This view of the Stephenson Public Library on Dunlap Square in Marinette, circa 1910, is exactly how it looks in 2010. My aunt Martha worked as a librarian here, and Katja and I would regularly visit her and the Marinette library on our annual trips to family reunions. The “Long Bridge” of 1910 was replaced by the Interstate Bridge between Wisconsin and Michigan (Highway 41). As we kids got older we would hike across the bridge to go to Saturday matinees at the movies in Marinette. Then we’d drive across it as teenagers as we cruised around “The Loop”. That, of course, is the Menominee River in the background.
Riverside Drive runs along the Menominee River in Marinette from the southwest corner of the city to Dunlap Square. Many of the town’s handsomest homes are located on Riverside Drive, including the Lauerman’s (now a bed and breakfast that Steve and Margie liked to stay at). When I worked at the Marinette drugstore as a teenager, I crossed the Hattie Street Bridge and drove along this street each day to get to work. Late for work one day, I got my first speeding ticket on Riverside Drive for going 42 m.p.h. in a 25 m.p.h. zone. I was scheduled for a one o’clock appearance at the Mayor’s Court, but I stopped by at noon because I knew the mayor would be having lunch there.
MAIN ST., MARINETTE
This view of Main St., looking north, is at the heart of Marinette’s downtown business district. Lauerman’s Department Store is just around the corner, and Dunlap Square is just beyond Lauerman’s. The parking meters in the photo were installed in the early 1950’s and were viewed by many grumpy citizens as a violation of God-given human rights. My grandfather’s Marinette drug store was a block south of this photo . One of my teenage job duties was to deliver the drug store’s daily financial returns to the bank at the left of this photo. Though only a one-block walk, I was always alert to the potential danger of robbers lurking in doorways and carried out my mission in a state of high vigilance. The Main St. business district included the variety stores pictured here (Woolworth’s was the better of the two), women’s clothing shops, a couple of bars and a restaurant, Haas’ shoe store, a photo store, a record store where one could listen to demos over earphones, a movie theater, gift shops, a liquor store, and various other establishments. Marinette’s downtown was much more thriving in the 1950’s than today, mostly as a consequence of Pine Tree Mall being built on the town’s outskirts.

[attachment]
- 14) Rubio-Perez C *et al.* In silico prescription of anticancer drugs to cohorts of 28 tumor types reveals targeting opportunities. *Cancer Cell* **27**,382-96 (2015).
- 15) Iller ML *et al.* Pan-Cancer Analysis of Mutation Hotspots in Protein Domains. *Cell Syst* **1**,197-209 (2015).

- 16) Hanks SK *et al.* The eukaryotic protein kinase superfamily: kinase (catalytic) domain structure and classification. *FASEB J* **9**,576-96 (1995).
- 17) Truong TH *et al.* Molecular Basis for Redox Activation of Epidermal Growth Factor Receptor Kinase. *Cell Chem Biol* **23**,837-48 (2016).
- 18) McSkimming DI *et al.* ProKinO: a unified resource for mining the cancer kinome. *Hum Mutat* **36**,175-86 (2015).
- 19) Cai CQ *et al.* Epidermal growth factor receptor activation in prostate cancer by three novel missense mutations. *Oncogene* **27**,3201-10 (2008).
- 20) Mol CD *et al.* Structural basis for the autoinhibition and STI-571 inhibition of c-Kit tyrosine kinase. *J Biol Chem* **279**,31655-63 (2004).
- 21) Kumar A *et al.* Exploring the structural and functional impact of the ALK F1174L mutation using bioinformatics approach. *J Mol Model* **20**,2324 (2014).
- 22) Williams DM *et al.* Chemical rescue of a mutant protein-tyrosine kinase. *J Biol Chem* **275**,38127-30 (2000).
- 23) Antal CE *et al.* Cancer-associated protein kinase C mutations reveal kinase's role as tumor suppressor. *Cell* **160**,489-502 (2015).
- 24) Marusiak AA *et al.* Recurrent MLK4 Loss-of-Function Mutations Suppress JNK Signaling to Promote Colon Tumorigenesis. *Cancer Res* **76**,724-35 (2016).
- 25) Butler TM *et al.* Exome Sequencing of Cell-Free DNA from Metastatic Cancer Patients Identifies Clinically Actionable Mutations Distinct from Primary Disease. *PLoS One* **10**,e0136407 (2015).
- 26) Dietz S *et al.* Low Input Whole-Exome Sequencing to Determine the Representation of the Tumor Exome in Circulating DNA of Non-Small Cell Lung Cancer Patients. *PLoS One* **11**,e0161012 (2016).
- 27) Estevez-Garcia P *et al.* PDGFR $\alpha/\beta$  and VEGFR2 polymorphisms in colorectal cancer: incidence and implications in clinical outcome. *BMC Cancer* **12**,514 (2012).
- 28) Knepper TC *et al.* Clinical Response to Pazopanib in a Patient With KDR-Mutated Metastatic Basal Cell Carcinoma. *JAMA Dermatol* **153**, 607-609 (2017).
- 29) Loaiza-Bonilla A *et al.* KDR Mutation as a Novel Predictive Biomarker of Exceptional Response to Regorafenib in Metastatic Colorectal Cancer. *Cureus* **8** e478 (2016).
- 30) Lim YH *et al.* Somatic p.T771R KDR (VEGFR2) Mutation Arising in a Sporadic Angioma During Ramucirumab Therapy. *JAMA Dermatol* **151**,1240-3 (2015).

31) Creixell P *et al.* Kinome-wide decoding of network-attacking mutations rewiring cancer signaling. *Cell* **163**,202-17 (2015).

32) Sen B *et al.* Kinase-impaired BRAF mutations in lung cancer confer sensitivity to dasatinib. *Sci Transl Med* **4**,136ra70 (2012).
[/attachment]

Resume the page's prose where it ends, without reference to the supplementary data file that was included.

THE MARINETTE COUNTY INSANE ASYLUM
The Marinette County Insane Asylum was located on the northern edge of Peshtigo, set off roughly 200 yards from Highway 41. We looked it over with curiosity and a touch of apprehension on every trip to Peshtigo or Green Bay. The building was quite striking in its grove of pine trees, but we learned from early childhood on that it was filled with strange people and that losing one’s mind represented one of the most horrible outcomes in life that we should strive to avoid. So far, so good.
Menominee and Marinette had a number of good restaurants and supper clubs when we were growing up, Graby’s Steakhouse on the Menominee River several miles outside Marinette being a prime example. My parents would go out there with friends on a Saturday night, but us kids would stay home, and Steven and I would be charged with cleaning up the kitchen. Our mother was always thrilled with our efforts. Katja and I went to Graby’s on a “date” in our early married life, and we thought we’d made the big time. I had a Manhattan on the rocks (our family drink), and we judged the steaks to be great.
The Green Bay and Great Lakes fishing operations in the twin cities were based in Menekaunee in the northeast corner of Marinette, and the fishing boats are still there in the Menominee River harbor at the end of the Menekaunee bridge. Our family regularly patronized Peterson’s Fish House, where I would go with my dad to pick up fresh whitefish which my mother then cooked for special occasions. The fish was delicious, and I’ve always ordered whitefish at local restaurants when I’ve returned home. On one of my visits home when my mom had trouble standing she had me cook the whitefish at Farm while she sat on a stool and gave me instructions. It turned out surprisingly good, though that proved to be my one and only effort.
Lauerman Bros. was the main department store for Marinette and Menominee and surrounding counties. My parents brought me there to buy clothes from early childhood on. When I started working at the Marinette drugstore, I’d stop at Lauerman’s every day for a frozen malt cone (smooth, chocolate malt taste, unobtainable anywhere else in the world), then go to the basement to look at camping gear in the Boy Scout department and check the new 45s in the record department. In our early married life Lauerman’s was one of Katja’s favorite local destination. We were sad when Lauerman’s closed after the opening of Pine Tree Mall at the town outskirts in the 1970’s.
-Linda C (11-26): I want to go live there, what a beautiful photo album and stories, forwarding to my brother How are the twins? Active I am sure hello to all love to all
-Gayle CL (11-25): Happy Thanksgiving;))))